Ottawa·Analysis

With 2 years to go, city has blown through 90 per cent of LRT contingency fund

The city has already spent or earmarked almost 90 per cent of its $100-million contingency fund for Phase 1 of the LRT, even though there are two more years to go before the project is completed. Adding cycling tracks to Booth Street bridge after it was built is the kind of issue adding to the extra costs.

Adding cycling tracks to Booth Street Bridge after Sept. 2017 opening just one example

The City of Ottawa has a balance of $11 million left in its LRT contingency fund, barely one-tenth the original amount — despite the fact the Confederation line isn't expected to open until mid-2018. (City of Ottawa)

When the new Booth Street bridge connecting Albert Street and the Sir John A. Macdonald Parkway opens on Sunday, Sept. 4, it will not include bike lanes — despite the fact that everyone, including Mayor Jim Watson, has acknowledged that omitting some sort of segregated cycling infrastructure was an error. 

But by the time the issue came to a head, the Booth bridge was virtually finished. And so come Labour Day weekend, the bridge will be opened as designed and the city will go back to tear some of that work up and add safe-cycling measures by the end of 2018.

Coun. Catherine McKenney calls the failure to include segregated cycling infrastructure as part of the original design for the Booth Street Bridge a "lost opportunity in terms of time and money." (CBC)

The changes will cost up to $2 million.

"There are ways of making this bridge safe for both pedestrians and cyclists, and it will [now] be more costly," said Coun. Catherine McKenney, who represents the area. "It really is a lost opportunity in terms of time and money."

The federal government announced it will pick up the tab for half the cost of the work, but the other $1 million will come from the light rail project's contingency fund. As funding for the bridge was included in the $2.1-billion budget for the Confederation Line, it follows that the extra costs for changes to the plan will come out of the contingency fund.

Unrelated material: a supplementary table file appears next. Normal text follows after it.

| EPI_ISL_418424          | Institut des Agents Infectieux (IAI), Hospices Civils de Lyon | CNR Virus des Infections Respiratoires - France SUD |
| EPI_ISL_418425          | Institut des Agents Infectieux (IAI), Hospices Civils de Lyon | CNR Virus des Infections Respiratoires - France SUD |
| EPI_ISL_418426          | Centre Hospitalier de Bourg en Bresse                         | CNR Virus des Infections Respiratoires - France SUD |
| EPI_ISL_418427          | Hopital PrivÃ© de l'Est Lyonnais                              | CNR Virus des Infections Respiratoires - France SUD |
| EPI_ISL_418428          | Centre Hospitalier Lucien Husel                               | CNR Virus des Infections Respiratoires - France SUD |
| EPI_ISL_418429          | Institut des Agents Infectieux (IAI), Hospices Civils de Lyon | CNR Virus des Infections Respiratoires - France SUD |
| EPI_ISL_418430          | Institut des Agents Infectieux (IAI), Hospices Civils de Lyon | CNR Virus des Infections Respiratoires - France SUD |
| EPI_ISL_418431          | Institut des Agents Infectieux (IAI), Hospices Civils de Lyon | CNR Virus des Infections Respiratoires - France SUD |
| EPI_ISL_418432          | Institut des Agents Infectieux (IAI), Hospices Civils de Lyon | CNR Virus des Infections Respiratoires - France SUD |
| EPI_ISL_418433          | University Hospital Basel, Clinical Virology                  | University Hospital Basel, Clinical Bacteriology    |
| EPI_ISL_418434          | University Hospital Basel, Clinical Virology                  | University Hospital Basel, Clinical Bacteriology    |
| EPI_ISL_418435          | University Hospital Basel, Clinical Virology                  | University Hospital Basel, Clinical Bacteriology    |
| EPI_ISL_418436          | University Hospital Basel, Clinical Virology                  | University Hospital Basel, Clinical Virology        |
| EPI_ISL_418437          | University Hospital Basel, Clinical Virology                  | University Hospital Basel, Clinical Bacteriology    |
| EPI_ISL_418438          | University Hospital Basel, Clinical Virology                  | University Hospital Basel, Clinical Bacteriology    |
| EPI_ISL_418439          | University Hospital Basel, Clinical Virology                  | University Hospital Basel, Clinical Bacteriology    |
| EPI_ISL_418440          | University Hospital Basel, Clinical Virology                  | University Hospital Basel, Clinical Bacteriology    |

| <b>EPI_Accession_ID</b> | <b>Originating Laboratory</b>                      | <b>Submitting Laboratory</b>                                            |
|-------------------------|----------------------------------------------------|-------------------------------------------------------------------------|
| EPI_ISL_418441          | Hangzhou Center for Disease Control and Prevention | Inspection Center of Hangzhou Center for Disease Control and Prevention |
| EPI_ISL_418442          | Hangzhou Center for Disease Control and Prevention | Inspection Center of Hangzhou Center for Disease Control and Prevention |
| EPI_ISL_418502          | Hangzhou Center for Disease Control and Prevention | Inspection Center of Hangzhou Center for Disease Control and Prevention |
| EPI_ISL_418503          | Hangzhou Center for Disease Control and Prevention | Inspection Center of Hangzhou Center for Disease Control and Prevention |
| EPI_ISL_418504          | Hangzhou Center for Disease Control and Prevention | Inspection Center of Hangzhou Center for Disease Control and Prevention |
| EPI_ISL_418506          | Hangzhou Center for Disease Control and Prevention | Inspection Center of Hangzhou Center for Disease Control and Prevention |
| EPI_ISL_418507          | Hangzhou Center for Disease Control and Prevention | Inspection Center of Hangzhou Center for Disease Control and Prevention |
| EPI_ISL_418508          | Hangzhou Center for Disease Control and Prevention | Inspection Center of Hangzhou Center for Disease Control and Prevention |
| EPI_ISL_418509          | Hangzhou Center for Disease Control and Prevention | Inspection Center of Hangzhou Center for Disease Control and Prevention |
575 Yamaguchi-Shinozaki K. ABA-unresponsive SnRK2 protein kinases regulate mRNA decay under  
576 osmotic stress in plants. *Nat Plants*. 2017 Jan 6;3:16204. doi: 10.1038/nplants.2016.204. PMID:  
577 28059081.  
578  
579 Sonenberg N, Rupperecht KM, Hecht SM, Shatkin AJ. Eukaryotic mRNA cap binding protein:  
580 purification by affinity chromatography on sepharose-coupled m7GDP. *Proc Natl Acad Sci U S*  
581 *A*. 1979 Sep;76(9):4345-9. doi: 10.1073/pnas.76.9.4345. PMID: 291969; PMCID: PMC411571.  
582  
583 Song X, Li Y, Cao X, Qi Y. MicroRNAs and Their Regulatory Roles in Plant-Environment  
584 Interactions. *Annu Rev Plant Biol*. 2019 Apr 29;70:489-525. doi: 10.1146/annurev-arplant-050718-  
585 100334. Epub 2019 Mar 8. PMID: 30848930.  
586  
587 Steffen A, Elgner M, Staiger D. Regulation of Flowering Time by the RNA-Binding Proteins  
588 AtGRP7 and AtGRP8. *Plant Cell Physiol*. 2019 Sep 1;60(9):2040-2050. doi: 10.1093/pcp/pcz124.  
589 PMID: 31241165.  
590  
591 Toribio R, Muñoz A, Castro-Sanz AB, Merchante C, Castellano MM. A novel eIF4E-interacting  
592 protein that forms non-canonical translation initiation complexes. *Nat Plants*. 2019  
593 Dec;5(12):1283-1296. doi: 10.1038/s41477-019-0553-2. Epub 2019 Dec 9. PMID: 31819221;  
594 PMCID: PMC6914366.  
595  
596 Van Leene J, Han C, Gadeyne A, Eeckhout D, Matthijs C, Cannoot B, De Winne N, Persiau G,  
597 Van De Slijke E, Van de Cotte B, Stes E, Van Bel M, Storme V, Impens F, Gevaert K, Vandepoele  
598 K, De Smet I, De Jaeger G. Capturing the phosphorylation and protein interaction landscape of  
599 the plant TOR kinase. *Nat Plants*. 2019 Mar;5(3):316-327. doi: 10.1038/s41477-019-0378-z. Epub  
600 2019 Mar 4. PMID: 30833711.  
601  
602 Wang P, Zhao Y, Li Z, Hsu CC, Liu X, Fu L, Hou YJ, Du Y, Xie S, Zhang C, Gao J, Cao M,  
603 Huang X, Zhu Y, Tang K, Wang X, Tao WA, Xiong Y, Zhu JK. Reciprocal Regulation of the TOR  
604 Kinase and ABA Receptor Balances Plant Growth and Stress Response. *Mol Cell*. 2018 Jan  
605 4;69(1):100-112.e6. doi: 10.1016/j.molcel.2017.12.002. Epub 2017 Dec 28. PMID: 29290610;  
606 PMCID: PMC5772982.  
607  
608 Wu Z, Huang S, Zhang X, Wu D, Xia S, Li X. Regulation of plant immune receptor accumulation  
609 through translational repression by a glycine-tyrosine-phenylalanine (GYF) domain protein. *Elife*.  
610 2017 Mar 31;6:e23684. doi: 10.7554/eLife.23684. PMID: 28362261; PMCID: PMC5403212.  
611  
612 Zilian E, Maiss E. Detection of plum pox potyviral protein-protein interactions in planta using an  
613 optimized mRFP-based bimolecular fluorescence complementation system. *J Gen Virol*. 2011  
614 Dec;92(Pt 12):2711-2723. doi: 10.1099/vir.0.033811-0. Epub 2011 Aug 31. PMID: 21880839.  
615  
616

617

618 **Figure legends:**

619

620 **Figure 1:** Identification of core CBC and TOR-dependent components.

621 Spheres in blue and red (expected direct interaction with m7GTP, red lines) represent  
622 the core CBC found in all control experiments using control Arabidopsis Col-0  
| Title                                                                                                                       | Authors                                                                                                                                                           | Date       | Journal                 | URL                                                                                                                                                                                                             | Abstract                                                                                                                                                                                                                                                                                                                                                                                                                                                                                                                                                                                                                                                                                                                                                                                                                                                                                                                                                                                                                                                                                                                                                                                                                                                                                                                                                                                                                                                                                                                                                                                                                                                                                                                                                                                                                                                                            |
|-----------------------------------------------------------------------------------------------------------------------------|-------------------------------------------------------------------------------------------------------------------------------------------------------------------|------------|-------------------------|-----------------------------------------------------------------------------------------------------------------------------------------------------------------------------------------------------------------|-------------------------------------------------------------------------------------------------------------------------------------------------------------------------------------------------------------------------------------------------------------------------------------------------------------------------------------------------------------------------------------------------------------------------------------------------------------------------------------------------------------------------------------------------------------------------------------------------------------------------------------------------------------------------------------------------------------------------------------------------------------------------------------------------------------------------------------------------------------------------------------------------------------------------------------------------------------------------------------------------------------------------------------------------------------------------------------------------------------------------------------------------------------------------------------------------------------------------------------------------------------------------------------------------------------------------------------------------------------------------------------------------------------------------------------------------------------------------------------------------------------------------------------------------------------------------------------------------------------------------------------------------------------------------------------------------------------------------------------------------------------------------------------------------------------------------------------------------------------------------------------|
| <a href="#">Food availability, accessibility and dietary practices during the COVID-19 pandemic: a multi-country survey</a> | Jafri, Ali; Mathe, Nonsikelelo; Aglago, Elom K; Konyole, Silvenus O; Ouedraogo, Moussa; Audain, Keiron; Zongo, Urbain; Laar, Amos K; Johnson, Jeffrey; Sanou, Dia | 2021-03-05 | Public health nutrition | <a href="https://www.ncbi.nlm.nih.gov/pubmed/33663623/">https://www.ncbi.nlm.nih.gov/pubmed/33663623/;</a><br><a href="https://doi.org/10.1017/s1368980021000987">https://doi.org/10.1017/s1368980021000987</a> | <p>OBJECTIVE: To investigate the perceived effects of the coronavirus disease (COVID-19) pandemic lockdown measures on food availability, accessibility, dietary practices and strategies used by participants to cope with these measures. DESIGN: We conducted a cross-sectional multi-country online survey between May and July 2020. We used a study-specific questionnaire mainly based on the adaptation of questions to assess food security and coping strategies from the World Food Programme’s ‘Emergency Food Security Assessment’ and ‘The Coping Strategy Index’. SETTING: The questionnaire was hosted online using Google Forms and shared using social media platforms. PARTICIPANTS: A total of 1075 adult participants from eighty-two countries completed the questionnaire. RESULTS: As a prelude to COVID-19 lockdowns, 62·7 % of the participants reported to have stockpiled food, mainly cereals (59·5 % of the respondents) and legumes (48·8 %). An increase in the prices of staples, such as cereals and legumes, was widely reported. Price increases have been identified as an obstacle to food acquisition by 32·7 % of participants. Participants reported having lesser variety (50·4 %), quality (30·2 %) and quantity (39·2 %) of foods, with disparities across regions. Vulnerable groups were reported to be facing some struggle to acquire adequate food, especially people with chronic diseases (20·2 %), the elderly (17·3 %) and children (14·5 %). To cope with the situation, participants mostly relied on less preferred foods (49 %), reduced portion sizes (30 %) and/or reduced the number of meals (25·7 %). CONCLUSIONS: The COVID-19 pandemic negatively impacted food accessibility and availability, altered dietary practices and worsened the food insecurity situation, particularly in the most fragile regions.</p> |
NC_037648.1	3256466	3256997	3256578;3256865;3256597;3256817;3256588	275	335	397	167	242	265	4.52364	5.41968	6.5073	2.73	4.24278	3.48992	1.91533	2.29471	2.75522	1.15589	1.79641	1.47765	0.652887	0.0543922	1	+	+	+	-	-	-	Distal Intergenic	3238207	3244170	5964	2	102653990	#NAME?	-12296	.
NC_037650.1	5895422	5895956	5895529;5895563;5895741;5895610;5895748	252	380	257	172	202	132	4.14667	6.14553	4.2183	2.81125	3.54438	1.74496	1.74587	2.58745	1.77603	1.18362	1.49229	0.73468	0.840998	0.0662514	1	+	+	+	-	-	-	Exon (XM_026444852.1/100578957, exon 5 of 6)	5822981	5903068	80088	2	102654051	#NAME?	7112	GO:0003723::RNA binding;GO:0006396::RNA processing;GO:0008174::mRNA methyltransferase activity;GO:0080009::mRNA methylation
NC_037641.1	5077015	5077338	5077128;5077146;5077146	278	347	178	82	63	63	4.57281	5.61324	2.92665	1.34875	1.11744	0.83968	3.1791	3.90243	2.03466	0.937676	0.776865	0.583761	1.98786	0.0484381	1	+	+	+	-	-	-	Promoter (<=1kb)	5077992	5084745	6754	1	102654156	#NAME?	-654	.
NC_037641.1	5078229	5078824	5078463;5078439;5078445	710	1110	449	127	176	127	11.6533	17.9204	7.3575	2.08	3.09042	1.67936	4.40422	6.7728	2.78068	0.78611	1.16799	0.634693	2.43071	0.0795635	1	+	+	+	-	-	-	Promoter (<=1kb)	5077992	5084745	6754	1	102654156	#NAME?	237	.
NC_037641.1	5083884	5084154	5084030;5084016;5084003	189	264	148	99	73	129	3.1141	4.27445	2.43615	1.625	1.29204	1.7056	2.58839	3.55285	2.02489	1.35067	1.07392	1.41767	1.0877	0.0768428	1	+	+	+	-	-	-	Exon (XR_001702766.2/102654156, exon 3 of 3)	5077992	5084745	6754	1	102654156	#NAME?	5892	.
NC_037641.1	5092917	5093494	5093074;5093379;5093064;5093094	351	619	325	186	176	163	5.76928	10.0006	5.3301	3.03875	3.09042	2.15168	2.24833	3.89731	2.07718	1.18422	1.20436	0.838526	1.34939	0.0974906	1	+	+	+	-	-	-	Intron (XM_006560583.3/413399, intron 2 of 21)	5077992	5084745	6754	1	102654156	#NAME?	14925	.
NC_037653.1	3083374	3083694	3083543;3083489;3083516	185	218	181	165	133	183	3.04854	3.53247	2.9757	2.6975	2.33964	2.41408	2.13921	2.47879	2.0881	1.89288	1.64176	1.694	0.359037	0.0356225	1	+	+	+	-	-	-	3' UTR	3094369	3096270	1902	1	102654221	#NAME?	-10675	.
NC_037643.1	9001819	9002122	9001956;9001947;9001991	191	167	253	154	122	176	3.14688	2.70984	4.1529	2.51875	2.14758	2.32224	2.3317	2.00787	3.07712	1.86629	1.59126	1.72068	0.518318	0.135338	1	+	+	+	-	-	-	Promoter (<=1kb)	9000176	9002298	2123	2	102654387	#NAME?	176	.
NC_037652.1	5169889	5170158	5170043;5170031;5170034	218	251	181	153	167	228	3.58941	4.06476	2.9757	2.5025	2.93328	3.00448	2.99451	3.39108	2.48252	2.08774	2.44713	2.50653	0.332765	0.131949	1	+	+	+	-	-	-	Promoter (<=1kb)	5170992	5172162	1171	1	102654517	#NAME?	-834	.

It will be far from the first contract change that's been paid for from the $100-million pot of cash for unforeseen circumstances.

In fact, the city has already spent or earmarked almost 90 per cent of that fund for Phase 1 of the LRT, even though there are two more years to go before the project is completed.

This leaves a balance of $11 million to cover other unforeseen costs.- Steve Cripps, director of rail implementation

The official groundbreaking ceremony for the tunnel was held in October 2013, and the project is supposed to be completed sometime in mid-2018. That means that although the city is less than two-thirds of the way through the LRT construction period, it has spent the bulk of its emergency fund.

"To date, of the $100 million in the contingency fund, the Contingency Management Committee (CMC) has reserved $89 million for contract variations and possible future changes, primarily related to property requirements and transit priorities," according to an email sent from the city communications department and attributed to Steve Cripps, the director of rail implementation.

"This leaves a balance of $11 million to cover other unforeseen costs."

$15M spent last year alone